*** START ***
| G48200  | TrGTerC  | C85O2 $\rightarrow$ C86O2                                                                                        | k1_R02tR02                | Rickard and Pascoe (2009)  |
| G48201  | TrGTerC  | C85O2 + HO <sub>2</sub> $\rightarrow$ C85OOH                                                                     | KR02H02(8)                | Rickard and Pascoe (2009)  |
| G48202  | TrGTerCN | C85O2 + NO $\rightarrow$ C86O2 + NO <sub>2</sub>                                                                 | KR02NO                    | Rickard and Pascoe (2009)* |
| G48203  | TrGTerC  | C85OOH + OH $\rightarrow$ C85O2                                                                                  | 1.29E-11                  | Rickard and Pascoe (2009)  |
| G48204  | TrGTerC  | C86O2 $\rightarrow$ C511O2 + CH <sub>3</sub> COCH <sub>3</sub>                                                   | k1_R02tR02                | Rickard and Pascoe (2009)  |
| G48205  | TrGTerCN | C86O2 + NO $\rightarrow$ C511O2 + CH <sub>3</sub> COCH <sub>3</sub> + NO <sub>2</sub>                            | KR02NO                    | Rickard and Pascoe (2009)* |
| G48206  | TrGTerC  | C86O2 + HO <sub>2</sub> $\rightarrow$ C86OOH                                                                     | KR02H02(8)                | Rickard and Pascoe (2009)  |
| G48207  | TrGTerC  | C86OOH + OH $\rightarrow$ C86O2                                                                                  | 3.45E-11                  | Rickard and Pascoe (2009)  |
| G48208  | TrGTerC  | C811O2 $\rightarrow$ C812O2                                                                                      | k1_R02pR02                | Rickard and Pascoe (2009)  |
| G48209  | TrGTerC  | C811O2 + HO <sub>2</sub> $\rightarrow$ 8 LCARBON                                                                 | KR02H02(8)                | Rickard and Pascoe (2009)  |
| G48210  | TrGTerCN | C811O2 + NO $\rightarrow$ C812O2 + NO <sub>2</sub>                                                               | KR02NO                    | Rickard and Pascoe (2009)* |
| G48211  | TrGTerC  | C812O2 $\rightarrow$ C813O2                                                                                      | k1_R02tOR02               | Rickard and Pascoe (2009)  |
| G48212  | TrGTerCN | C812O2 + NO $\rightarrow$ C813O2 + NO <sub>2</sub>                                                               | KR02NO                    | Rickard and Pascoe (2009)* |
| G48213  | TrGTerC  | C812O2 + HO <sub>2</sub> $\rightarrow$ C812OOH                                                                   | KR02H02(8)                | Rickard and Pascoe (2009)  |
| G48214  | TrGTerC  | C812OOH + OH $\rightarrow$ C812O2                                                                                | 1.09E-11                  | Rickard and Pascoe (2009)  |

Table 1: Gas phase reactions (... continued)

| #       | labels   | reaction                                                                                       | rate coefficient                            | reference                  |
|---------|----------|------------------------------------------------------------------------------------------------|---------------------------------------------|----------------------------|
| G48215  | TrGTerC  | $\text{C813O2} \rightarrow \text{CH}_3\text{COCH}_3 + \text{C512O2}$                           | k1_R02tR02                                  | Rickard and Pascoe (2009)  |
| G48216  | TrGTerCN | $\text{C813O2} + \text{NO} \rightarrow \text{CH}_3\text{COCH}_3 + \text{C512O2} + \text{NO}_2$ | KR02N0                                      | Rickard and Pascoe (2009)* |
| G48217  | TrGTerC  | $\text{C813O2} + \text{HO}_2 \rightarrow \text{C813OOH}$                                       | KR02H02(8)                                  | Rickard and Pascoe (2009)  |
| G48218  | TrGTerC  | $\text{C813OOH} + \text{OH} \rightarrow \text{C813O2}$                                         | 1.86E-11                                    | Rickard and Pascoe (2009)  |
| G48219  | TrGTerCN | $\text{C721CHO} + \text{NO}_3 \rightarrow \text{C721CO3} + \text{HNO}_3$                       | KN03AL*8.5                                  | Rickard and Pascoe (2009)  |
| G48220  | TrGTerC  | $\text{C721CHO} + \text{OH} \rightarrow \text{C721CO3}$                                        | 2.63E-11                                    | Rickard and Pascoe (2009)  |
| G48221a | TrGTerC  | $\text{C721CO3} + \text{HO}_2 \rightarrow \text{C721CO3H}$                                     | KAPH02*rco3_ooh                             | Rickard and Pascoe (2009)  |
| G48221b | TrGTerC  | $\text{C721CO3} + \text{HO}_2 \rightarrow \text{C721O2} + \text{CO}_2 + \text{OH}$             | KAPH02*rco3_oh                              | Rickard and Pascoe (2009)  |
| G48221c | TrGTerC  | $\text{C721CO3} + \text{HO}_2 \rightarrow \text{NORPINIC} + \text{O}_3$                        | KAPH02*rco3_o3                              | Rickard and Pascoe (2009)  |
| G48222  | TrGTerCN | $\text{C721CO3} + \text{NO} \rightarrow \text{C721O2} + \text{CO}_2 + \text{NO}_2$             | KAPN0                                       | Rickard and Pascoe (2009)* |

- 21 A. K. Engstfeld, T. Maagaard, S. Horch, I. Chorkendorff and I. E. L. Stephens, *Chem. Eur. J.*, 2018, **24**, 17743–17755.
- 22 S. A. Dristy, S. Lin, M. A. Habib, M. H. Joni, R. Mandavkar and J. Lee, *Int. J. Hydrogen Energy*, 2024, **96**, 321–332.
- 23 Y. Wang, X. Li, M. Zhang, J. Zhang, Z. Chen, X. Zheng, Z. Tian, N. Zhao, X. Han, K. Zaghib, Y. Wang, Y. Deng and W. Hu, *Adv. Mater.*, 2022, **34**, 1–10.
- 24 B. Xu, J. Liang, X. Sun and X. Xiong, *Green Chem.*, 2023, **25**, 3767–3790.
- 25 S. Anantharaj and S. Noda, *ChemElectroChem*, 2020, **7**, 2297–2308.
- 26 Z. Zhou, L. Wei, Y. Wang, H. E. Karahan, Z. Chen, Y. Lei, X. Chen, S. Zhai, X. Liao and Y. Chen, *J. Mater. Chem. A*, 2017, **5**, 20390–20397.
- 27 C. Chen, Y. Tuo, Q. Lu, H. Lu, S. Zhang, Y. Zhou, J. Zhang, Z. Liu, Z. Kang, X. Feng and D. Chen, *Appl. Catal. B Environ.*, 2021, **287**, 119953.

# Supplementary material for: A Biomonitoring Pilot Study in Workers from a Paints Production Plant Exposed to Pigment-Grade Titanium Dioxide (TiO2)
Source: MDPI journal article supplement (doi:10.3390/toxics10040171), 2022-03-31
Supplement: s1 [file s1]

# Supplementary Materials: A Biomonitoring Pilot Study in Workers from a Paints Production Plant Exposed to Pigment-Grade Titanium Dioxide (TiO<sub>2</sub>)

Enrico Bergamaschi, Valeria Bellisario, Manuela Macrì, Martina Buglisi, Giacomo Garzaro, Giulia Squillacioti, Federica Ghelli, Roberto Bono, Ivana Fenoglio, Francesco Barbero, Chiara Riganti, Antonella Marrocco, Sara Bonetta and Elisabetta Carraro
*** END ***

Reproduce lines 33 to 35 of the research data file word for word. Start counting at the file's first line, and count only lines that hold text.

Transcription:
- 25 S. Anantharaj and S. Noda, *ChemElectroChem*, 2020, **7**, 2297–2308.
- 26 Z. Zhou, L. Wei, Y. Wang, H. E. Karahan, Z. Chen, Y. Lei, X. Chen, S. Zhai, X. Liao and Y. Chen, *J. Mater. Chem. A*, 2017, **5**, 20390–20397.
- 27 C. Chen, Y. Tuo, Q. Lu, H. Lu, S. Zhang, Y. Zhou, J. Zhang, Z. Liu, Z. Kang, X. Feng and D. Chen, *Appl. Catal. B Environ.*, 2021, **287**, 119953.